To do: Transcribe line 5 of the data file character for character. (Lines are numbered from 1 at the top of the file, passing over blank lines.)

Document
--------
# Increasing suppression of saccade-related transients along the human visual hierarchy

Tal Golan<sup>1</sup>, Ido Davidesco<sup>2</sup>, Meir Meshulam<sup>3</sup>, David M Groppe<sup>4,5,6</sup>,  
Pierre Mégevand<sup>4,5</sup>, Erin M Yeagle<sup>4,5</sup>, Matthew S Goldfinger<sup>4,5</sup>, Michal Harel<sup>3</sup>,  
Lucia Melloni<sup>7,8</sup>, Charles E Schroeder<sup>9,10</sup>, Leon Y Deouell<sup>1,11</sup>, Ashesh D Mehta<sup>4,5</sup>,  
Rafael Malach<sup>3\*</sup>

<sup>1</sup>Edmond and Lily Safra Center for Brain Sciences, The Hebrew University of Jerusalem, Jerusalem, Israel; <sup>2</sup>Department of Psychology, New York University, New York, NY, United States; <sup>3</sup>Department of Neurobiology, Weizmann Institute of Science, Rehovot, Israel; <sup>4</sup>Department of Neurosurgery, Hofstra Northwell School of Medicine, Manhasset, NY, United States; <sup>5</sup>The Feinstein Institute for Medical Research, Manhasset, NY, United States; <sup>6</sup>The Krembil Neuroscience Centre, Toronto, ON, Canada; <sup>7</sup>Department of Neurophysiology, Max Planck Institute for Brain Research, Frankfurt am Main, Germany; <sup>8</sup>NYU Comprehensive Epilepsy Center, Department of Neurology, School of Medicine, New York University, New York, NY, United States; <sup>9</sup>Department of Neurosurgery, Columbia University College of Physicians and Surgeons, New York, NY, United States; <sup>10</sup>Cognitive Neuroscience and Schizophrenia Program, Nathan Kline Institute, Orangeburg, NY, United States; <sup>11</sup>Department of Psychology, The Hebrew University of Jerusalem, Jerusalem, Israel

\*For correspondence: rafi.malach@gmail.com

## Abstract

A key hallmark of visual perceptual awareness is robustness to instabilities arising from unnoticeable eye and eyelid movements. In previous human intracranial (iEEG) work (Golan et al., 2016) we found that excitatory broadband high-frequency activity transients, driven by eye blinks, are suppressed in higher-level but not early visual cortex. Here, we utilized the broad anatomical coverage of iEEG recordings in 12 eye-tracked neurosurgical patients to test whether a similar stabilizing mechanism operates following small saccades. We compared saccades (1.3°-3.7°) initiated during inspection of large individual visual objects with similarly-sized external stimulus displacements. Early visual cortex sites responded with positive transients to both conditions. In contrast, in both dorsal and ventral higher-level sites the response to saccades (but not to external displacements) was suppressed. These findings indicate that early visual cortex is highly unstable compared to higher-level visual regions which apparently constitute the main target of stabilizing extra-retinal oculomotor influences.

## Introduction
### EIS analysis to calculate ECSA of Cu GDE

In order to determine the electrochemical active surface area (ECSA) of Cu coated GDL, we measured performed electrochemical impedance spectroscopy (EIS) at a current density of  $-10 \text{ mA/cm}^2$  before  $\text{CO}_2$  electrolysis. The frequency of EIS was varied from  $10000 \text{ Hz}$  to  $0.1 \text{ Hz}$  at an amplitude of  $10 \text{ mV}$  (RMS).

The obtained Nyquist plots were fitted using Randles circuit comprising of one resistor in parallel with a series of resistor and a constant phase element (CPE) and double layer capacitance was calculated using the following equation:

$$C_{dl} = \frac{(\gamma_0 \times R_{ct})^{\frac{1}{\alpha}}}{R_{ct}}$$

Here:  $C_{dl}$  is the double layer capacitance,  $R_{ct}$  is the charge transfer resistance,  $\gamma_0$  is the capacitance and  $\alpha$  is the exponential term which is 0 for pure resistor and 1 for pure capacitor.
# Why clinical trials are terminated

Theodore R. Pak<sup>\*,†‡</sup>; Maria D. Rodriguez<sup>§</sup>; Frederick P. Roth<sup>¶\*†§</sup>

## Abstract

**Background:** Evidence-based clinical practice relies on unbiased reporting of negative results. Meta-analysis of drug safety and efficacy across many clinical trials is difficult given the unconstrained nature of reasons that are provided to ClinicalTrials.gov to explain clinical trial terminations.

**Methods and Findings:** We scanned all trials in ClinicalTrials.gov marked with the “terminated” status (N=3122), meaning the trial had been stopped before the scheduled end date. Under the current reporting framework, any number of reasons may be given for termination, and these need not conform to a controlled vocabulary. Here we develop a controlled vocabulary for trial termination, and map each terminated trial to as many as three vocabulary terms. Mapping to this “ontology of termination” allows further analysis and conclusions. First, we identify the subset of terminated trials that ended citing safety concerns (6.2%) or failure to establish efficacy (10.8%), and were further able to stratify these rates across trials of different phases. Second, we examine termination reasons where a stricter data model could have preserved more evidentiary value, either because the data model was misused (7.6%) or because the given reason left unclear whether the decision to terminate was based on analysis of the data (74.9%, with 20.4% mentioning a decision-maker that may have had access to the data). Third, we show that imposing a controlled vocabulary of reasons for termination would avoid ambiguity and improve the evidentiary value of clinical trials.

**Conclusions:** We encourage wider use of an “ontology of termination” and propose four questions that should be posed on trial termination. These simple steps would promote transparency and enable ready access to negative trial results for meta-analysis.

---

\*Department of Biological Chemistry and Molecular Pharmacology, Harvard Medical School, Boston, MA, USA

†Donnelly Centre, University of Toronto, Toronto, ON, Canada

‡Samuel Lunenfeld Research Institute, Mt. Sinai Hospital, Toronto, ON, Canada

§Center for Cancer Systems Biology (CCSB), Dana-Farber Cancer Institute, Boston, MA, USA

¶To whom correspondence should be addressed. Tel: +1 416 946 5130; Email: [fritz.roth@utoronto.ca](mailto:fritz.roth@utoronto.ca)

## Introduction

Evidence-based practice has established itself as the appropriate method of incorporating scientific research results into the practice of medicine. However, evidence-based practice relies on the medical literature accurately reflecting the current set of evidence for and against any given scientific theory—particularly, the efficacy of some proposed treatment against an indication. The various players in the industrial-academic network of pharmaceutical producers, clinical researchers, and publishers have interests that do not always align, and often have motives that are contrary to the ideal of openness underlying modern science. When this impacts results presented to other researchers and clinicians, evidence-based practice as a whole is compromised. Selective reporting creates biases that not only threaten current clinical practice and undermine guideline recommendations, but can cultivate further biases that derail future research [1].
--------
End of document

Rafael Malach<sup>3\*</sup>